The time-averaged turbulent energy per unit mass, , is the combination of the kinetic energies of many eddies of different sizes. The allocation of this kinetic energy to motions of different length scales is called the turbulent energy spectrum. A knowledge of this spectrum can tell us something about the details of the turbulent motion.
An energy spectrum with which we are undoubtedly familiar is that of sunlight. If sunlight is decomposed into its constituents of different wavelengths by reflection from a diffraction grating, the energy flux in each wavelength, or frequency band, can be measured. When this is done, it is found that the peak energy flux occurs at about a wavelength of , with much lower values encountered at longer (infrared) and shorter (ultraviolet) wavelengths. This distribution reflects the thermal equilibrium in the sun's photosphere, the origin of sunlight.
The distribution of turbulent kinetic energy among motions of different length scales is commonly given as a function of the wave number (which is inversely proportional to eddy size) defined as:
where is the angular frequency of the components of the turbulent velocity history illustrated in figure 7.1. Denoting this turbulent energy per unit wave number by , the total turbulent energy is:
Figure 7.2: A log-log plot of the dimensionless turbulent energy spectrum as a function of the dimensionless wave number for a pipe flow at a Reynolds number of .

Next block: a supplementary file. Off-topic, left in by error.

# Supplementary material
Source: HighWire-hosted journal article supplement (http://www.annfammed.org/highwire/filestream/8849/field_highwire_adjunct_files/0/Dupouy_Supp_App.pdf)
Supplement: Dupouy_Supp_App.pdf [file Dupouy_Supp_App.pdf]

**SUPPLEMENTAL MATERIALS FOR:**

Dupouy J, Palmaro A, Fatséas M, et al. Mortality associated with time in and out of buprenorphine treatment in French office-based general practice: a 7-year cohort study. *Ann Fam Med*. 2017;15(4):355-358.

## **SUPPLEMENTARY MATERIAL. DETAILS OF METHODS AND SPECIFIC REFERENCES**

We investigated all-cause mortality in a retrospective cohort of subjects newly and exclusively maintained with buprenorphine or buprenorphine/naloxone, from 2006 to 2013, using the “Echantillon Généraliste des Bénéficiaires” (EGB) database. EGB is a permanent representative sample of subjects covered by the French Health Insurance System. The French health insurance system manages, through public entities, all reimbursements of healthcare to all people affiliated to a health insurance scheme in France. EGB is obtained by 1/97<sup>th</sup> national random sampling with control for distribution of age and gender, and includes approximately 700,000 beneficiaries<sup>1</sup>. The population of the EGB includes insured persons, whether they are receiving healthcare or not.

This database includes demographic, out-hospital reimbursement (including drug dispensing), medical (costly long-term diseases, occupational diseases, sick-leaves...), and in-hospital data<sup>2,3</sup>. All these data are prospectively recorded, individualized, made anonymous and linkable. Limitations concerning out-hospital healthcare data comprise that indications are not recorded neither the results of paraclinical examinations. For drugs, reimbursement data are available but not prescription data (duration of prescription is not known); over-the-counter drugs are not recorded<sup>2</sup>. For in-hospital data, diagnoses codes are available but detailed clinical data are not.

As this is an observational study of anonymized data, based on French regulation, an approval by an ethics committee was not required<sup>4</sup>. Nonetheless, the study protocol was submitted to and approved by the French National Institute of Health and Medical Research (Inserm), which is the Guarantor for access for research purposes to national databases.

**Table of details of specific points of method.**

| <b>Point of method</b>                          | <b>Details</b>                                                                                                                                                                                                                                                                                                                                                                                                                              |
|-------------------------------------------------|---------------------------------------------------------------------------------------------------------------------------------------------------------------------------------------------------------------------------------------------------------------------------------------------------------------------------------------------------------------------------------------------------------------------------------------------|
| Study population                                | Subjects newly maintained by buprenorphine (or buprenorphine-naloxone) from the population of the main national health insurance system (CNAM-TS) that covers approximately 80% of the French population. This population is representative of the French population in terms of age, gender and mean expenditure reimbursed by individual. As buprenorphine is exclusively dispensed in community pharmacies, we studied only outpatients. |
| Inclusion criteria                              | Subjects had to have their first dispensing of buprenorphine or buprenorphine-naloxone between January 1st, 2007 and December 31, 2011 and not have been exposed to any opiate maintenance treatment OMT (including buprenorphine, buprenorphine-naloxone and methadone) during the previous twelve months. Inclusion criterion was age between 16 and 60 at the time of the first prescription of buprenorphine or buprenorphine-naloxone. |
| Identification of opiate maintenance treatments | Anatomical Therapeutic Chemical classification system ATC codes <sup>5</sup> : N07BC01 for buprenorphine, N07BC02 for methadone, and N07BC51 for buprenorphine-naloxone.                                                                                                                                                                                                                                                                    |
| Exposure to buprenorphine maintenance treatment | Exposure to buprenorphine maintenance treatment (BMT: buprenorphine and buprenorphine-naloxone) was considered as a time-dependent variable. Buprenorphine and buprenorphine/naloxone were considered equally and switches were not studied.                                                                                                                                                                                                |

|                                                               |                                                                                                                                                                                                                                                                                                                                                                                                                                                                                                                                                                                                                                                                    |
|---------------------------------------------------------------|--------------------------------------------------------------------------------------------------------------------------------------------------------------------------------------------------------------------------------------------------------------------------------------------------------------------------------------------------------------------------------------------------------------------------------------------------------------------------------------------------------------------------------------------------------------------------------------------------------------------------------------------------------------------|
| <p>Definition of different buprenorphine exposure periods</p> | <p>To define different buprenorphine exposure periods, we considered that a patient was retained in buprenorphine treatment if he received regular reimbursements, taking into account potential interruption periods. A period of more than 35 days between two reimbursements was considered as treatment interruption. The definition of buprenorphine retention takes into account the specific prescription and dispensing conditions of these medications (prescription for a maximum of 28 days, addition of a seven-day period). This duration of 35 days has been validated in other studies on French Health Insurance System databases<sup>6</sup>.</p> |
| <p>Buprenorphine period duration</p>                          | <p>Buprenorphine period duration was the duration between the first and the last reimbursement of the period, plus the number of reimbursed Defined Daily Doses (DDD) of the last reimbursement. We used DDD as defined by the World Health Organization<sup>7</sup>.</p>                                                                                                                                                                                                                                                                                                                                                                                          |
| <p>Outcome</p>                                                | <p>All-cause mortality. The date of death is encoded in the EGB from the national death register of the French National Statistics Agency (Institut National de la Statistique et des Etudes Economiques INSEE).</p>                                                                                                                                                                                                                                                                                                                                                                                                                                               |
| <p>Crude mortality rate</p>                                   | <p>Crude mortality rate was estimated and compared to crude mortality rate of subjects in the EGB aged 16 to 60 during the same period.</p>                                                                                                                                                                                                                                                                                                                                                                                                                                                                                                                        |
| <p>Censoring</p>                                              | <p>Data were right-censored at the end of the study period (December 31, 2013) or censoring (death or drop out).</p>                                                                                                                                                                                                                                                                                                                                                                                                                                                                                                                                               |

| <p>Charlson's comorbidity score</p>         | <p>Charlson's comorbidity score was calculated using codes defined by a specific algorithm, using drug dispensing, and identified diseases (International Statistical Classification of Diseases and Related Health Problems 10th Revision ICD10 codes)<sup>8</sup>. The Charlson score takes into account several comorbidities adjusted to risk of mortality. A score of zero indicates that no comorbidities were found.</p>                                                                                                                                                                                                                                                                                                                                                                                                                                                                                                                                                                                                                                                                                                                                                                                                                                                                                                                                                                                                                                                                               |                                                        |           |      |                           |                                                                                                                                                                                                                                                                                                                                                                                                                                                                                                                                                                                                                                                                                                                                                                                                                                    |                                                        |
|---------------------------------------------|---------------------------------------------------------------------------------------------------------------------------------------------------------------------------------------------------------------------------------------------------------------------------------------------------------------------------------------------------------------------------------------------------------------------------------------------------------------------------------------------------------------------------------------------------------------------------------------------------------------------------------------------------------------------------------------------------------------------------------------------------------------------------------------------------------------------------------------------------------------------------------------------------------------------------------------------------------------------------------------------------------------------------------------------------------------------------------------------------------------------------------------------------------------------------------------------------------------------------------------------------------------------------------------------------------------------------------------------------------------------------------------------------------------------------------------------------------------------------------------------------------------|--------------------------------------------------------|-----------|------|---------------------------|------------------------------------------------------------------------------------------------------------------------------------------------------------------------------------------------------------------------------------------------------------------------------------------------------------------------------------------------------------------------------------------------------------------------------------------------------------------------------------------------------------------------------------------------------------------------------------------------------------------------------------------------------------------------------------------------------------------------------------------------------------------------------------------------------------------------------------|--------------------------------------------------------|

Figure 7.2 shows a sketch of the turbulent energy spectrum for a pipe flow at a Reynolds number of . The peak value of occurs at at the low wave number end of the spectrum, where most of the turbulent energy is associated with the biggest eddies (lowest wave number). Over most of the spectral range varies as , smaller eddies (greater wave number) contributing less to the total turbulent energy. At wave numbers greater than about , there is negligible energy because viscous dissipation causes the rapid decay of such small eddies.
The amount of turbulent energy in a flow is limited by the loss of energy due to viscous dissipation. We can calculate the rate at which turbulent energy is lost from a knowledge of the velocity derivatives in the form of the dissipation function for incompressible flow, equation 8.61 . When averaged over time, the rate of loss of turbulent energy, denoted by , can be expressed in the form:
Notice that the principal contribution to the integral on the right side of 7.10 comes at the high wave number end of the spectrum of figure 7.2 where reaches its maximum. Thus the smallest eddies contribute the most to the energy dissipation while the largest eddies contribute most to the turbulent energy.
Kolmogoroff showed that the smallest eddy has a wave number that is related to and the flow Reynolds number by:
The smallest eddies are therefore several orders of magnitude smaller than the largest, energy containing eddies since the Reynolds number of a turbulent flow is necessarily large. This fundamental physical property of turbulent flow makes it extremely difficult to describe completely a turbulent flow, even using the largest and fastest computers available today. Instead, we must compromise by using much less information, such as and , to characterize the effects of turbulence and be content to obtain approximate solutions to the mean flow field.